Where Local Meets Global
I like Kevin’s idea of centering on a few stories – to show the different faces and feelings of the spirit of the sixties and the civil rights revolution. I wonder, too, if touchstone events could draw out some of the gripping storylines. I’ve also used music to tell the stories, with “We Shall Overcome” followed by “People Get Ready” and then onto “Mississippi Goddamn.” (quick mention here of an amazing book on civil rights music and local politics: check out Suzanne Smith's Dancing in the Streets on Motown and the cultural politics of Detroit). One that students may be familiar with (but probably don’t know that much about) is the September 1963 church bombing in Birmingham, Alabama. As an event, it hits on so many points and it links to a bunch of themes in the Major Problems readings. I’ll mention a few of the themes and connections here.
|Church after bombing|
1: Violence. We know the fire-hoses, and we know the assassinations. We can read about them in documents from Robert Williams, as he defends “self defense” in 1962 or in the short essay from Tim Tyson. But at Birmingham, we see militancy moved to sacred places – a church bombed on a Sunday morning.
2: Highs and lows, gains and setbacks. Coming only three weeks after the excitement of the March on Washington, the church bombing brings us back down to the sad realities of racial discrimination. MLK was prominent at both, and students could compare and contrast his “I have a dream” speech with his eulogy at Birmingham. I think the next edition of Major Problems probably needs a document showing the sadness of civil rights gains and multiracialism under assault so that we can understand the ups and downs of movement people.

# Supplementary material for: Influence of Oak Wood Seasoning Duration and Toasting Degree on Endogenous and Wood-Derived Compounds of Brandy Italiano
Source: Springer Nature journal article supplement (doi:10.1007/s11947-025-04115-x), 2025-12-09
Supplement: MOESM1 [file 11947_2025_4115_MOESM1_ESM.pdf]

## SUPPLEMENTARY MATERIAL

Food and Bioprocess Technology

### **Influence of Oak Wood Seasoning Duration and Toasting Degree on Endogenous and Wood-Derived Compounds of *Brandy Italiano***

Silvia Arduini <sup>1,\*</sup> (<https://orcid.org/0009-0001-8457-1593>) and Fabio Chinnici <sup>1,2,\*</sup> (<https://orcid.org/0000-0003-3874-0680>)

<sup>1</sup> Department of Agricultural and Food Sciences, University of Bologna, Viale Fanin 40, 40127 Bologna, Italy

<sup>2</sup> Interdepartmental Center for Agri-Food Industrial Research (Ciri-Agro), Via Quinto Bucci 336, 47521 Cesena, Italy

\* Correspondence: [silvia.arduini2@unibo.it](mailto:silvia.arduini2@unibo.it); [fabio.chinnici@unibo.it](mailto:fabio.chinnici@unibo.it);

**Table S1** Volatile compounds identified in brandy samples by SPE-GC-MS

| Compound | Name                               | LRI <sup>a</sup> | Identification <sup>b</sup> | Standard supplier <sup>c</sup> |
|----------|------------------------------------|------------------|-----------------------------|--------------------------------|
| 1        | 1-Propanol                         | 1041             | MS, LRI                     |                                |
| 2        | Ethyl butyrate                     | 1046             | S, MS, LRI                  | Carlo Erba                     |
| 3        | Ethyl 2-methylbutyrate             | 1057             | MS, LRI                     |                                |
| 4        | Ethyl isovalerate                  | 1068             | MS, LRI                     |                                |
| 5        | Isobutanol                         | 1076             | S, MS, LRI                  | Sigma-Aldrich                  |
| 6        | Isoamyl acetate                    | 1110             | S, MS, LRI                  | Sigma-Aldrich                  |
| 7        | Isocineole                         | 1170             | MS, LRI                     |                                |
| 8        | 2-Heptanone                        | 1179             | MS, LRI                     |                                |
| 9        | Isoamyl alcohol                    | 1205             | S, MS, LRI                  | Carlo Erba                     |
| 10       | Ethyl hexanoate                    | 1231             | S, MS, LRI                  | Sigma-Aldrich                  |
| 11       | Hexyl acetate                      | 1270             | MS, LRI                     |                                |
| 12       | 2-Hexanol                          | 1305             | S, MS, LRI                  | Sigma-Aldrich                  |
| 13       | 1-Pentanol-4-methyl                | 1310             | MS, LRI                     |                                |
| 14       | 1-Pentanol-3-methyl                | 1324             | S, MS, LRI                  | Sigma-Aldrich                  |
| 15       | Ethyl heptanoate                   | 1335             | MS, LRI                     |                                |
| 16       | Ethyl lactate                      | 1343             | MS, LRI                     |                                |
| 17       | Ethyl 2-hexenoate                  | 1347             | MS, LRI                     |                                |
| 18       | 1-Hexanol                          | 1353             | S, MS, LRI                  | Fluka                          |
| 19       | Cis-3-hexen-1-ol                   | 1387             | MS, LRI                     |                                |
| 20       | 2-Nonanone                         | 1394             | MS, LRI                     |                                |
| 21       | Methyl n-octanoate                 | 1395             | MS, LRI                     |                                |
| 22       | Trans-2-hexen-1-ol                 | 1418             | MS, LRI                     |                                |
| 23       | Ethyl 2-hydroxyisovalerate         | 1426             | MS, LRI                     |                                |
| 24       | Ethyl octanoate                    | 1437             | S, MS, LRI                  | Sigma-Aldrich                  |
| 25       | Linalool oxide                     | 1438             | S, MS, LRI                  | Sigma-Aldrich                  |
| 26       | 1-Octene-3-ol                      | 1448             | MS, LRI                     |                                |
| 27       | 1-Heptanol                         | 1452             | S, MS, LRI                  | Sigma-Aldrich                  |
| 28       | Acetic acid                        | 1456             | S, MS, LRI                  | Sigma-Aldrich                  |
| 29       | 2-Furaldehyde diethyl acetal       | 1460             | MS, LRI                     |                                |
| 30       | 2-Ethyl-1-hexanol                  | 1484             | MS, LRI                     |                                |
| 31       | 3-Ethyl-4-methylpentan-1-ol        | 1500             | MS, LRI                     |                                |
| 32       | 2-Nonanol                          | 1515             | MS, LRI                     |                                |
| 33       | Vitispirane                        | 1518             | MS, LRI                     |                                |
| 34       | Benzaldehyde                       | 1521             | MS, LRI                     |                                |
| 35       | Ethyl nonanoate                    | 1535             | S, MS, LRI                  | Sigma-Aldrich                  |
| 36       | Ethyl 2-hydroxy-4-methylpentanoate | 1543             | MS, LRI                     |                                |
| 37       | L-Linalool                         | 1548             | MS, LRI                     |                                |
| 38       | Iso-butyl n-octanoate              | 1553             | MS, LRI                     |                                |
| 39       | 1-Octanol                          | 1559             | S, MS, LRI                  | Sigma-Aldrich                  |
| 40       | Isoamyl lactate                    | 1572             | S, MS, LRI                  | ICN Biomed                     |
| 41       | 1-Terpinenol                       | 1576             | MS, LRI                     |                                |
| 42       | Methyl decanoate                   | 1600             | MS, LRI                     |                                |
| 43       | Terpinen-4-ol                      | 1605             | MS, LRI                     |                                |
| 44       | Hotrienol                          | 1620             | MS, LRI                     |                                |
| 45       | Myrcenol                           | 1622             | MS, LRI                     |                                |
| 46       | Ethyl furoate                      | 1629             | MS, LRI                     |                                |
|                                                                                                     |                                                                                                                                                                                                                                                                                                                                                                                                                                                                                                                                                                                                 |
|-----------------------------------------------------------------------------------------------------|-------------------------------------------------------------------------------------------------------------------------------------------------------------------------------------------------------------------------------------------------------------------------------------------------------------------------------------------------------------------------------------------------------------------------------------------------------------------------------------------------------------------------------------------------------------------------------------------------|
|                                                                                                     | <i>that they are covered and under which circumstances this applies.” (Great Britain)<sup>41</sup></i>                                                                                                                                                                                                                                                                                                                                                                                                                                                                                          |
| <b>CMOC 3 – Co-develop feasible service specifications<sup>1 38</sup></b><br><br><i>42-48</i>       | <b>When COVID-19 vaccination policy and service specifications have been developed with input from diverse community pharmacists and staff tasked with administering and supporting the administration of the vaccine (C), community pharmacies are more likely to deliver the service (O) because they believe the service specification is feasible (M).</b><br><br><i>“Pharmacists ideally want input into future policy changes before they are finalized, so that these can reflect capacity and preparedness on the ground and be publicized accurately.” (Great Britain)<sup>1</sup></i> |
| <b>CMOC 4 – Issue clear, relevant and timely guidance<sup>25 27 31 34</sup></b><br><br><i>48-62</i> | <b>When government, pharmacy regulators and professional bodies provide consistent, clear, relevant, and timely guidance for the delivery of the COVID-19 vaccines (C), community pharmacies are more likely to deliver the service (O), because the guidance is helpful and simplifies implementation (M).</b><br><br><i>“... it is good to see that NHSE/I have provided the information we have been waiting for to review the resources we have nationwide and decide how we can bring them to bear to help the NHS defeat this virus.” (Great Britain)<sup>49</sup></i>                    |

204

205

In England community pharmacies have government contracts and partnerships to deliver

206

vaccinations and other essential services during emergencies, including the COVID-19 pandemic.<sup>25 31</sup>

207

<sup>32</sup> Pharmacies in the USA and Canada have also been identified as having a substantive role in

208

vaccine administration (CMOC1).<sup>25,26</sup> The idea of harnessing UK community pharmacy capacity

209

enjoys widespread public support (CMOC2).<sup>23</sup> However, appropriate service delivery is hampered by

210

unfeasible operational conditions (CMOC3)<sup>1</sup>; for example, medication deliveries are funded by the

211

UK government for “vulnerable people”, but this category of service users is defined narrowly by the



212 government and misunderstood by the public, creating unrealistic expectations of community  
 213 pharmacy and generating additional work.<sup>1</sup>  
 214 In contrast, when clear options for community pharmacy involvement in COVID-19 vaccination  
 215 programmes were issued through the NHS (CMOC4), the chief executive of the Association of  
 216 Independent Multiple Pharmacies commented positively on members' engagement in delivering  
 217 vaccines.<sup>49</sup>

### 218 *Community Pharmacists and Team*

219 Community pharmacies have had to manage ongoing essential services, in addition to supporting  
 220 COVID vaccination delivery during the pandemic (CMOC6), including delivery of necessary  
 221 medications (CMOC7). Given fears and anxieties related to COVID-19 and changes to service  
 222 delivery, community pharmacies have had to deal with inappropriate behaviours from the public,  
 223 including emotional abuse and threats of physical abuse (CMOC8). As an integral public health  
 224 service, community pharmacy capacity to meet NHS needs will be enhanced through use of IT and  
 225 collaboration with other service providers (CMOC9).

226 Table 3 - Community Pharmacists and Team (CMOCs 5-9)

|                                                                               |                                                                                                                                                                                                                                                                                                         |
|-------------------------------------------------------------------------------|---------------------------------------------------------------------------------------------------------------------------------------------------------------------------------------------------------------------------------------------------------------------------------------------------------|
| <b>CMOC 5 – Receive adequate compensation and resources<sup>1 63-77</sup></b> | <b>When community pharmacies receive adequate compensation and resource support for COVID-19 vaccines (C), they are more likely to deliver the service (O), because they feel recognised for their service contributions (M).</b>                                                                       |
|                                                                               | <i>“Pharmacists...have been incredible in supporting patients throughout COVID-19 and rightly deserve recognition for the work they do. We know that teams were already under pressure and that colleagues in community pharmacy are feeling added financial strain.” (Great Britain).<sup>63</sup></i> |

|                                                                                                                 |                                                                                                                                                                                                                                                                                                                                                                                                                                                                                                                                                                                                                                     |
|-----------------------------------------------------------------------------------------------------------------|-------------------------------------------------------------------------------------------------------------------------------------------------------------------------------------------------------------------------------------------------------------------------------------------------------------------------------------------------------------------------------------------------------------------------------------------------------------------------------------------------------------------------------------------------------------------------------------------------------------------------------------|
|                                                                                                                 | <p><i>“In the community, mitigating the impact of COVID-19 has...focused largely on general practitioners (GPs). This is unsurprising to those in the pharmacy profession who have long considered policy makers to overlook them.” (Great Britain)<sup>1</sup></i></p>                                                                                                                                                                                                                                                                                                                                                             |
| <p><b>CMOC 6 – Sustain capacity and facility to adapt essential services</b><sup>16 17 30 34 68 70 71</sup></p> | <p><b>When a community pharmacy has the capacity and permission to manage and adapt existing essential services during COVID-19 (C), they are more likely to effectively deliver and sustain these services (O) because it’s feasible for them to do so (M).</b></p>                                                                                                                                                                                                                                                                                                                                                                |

3: Media technology transformed local events into national ones. This is evident in the marvelous essay by Henry Louis Gates Jr., discussing civil rights moments on television, and for Birmingham, it can be connected to Anne Moody. She heard the story on the radio, and her response was visceral (all of which she details in her memoir, and I would nominate her for one of the stories that Kevin could narrate; and maybe her response to Birmingham can get a place in the next Major Problems edition).
|Wales Window for Birmingham|
4: International interest: we know King won the Nobel Peace Prize, and we know events in India and Africa were crucial to the storyline of the age. The Birmingham bombing story traveled throughout the world and a group in Great Britain commissioned a new piece of stained-glass to repair a window destroyed by the bombing. The new sacred symbol, the “Wales Window for Birmingham” connected the violence in Alabama with apartheid in South Africa as part of an overall sacred challenge to any form of racial colonialism.
What other touchstone events would folks use?